Governor’s race not drawing moderates on GOP side


LITTLE ROCK — In explaining his decision last week not to enter the governor’s race, House Speaker Davy Carter, R-Cabot, said one of the factors he considered was whether “a guy like me” — meaning a moderate Republican — could win the GOP primary.

Political observers say that’s a good question, but unless another moderate throws his or her hat into the ring on the Republican side, it’s one that won’t get answered in 2014.

“The race is back to being Asa (Hutchinson)’s to lose,” said Janine Parry, a political science professor at the University of Arkansas.

Carter was widely seen as potential moderate alternative to the conservative Hutchinson, generally considered the front-runner in the race, as well as the other announced Republican candidates, Little Rock businessman Curtis Coleman and state Rep. Debra Hobbs, R-Rogers.

During this year’s legislative session, Carter was one of the principal supporters of the private option for expanding health care coverage in the state, which passed with bipartisan support. He also voiced opposition to open carry of handguns — an issue that surely would have come up in a race against Hutchinson, who has been a consultant to the National Rifle Association.

“I don’t know if the Republican Party in the primary is willing to elect a guy like me,” Carter said last week.

The primary process tends to favor candidates on “the fringes” rather than candidates “from the middle” in both major political parties, he said.

“That’s a fair assessment,” said Hal Bass, a political science professor at Ouachita Baptist University. “I’m not sure that primaries in and of themselves produce that effect, but primaries combined with polarization produce that effect.”

Bass said the more “intense” voters in a party tend to participate in primary elections, and particularly in a time of political polarization, they tend to more ideologically extreme than the typical voter.

“Another factor that needs to be considered in this mix: I think the out-of-state money that’s likely to come into a primary in Arkansas, Democratic or Republican, is going to be relatively ideologically focused — strong conservative on the Republican side, strong liberal on the Democratic side,” he said.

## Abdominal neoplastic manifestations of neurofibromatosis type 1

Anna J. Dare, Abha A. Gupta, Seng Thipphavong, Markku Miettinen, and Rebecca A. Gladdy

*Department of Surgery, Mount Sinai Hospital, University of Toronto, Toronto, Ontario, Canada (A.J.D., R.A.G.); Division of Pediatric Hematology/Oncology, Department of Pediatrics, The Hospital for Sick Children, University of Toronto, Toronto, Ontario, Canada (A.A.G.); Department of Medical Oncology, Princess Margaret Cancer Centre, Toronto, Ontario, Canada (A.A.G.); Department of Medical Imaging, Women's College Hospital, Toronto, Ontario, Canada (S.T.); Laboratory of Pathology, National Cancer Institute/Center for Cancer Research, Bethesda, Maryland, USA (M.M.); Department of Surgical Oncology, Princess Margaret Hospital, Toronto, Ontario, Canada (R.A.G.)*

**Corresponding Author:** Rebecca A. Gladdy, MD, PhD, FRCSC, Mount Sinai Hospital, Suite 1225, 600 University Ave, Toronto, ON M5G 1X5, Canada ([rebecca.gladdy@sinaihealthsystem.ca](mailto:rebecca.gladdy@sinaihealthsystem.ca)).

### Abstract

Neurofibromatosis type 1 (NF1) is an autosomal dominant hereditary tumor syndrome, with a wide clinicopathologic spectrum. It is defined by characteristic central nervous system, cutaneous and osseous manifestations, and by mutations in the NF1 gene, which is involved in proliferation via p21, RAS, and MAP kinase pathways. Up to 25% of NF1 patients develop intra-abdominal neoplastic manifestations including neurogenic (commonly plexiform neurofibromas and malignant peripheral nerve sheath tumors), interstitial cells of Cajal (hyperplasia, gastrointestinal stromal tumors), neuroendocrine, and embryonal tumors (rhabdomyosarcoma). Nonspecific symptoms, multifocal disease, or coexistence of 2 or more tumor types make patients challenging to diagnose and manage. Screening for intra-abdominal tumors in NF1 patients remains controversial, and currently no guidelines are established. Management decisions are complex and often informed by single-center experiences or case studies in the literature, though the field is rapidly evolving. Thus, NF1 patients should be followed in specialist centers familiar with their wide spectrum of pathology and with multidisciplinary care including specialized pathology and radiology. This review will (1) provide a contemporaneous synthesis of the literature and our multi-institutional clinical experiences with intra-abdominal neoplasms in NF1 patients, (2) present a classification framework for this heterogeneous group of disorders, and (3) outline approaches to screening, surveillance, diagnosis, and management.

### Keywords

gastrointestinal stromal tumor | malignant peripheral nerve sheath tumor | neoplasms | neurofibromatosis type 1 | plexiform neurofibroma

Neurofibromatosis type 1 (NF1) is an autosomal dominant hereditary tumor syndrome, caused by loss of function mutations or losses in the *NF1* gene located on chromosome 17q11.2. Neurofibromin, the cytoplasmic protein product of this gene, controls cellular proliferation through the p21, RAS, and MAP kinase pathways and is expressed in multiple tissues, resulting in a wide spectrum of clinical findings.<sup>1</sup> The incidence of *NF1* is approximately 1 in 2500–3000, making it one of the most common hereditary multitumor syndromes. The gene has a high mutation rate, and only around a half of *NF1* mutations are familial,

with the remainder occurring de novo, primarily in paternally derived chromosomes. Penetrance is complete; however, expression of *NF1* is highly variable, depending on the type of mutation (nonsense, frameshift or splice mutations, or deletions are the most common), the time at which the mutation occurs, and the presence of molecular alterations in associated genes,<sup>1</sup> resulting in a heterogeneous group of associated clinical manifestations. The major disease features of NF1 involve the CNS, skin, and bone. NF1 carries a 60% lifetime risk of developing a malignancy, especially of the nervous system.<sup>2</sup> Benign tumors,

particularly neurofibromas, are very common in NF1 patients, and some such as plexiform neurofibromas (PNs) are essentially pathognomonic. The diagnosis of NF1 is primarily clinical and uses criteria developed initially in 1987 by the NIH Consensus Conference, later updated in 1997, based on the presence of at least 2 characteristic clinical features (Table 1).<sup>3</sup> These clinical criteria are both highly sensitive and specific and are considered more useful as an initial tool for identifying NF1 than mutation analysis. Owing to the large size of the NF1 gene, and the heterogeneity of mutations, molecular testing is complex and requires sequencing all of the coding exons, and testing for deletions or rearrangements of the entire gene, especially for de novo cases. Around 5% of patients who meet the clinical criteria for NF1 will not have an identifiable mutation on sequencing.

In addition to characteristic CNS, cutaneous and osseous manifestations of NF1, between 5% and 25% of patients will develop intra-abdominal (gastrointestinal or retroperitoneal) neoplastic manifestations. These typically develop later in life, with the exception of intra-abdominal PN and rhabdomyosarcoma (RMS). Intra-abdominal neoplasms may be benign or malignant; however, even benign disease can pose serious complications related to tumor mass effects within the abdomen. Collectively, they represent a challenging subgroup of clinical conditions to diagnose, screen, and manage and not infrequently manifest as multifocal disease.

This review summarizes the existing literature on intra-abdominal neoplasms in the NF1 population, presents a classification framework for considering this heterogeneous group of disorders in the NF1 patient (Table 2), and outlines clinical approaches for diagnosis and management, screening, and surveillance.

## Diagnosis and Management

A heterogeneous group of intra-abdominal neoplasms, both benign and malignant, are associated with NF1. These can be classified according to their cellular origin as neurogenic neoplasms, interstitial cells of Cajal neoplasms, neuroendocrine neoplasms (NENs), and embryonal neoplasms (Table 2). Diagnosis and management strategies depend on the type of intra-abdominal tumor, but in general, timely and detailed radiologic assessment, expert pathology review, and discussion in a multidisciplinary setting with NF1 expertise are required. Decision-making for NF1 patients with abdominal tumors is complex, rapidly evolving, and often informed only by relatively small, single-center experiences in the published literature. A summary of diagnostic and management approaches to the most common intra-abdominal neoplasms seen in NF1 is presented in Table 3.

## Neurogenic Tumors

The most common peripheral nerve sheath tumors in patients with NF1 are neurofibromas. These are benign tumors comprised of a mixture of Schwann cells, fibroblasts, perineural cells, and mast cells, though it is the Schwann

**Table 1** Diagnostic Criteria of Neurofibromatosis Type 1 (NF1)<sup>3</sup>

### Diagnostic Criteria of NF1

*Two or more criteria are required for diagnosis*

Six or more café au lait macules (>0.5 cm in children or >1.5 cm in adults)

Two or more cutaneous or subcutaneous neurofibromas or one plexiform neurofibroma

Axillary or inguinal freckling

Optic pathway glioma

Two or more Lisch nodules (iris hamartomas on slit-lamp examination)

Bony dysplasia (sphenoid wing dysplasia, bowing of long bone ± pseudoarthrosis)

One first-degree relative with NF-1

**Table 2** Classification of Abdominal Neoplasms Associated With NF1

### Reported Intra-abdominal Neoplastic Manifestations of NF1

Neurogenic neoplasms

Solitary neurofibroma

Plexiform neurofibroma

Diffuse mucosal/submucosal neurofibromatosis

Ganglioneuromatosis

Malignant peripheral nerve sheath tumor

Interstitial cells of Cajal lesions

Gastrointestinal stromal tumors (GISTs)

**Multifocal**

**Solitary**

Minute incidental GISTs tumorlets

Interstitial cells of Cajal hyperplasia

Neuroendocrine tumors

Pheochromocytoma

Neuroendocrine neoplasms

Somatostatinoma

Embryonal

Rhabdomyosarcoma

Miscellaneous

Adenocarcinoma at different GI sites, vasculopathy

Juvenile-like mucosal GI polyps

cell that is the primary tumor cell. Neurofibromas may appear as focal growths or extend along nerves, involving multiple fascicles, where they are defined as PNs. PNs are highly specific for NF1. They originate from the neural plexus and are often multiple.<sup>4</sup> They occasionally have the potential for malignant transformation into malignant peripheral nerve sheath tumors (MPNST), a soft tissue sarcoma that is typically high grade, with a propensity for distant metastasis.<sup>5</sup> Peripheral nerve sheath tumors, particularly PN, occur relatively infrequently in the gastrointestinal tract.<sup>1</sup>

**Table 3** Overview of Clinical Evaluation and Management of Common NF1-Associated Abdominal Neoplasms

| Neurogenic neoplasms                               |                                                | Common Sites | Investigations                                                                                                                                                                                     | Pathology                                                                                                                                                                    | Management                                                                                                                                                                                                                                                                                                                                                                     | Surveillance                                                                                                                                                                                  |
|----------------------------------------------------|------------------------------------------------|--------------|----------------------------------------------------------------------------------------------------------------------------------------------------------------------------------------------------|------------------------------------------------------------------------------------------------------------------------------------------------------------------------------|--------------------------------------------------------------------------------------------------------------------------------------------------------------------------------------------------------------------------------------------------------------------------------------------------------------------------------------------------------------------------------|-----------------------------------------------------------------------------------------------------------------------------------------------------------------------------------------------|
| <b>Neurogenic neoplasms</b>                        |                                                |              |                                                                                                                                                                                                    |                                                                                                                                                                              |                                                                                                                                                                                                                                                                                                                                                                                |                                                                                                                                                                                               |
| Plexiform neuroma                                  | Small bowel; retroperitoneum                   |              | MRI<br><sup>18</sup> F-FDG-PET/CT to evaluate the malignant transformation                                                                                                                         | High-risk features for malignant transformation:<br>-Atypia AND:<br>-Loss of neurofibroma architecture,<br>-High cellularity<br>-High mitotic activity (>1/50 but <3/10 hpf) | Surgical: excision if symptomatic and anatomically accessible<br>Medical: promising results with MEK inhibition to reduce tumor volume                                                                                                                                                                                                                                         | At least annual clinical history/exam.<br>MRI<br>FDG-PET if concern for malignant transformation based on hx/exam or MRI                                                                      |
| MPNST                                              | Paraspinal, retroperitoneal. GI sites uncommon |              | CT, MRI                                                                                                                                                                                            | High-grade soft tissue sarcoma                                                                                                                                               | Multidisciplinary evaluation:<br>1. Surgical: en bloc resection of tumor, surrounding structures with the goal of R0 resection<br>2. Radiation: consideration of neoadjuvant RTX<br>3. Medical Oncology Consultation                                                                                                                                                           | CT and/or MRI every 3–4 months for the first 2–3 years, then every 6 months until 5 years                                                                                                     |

Jay Barth, a political science professor at Hendrix College and an active member of the state Democratic Party, said that if Carter had entered the race, “it would have been a real battle for the soul of the (Republican) party.”

“Is it a party that’s defined by cultural issues, or is it a party that’s defined by how it governs on tax and spending issues and the role of government in people’s lives?” he said. “We’re just not going to have the answer to that question for a while.”

Barth said that if there is an opportunity for a Republican moderate in the governor’s race, it may be by running as an independent candidate “who just doesn’t deal with the primary process,” though he said that does not appear likely in this election cycle.

Bass said moderate Republicans can always hope that the political climate changes.

“Things can turn fairly quickly,” he said. “(Democratic) U.S. Sen. Mark Pryor was not contested in 2008, and he commanded the center very, very comfortably.”

The currently announced Democratic candidates for governor are former Lt. Gov. Bill Halter and former Congressman Mike Ross. Democratic Gov. Mike Beebe is prevented by term limits from seeking a third term next year.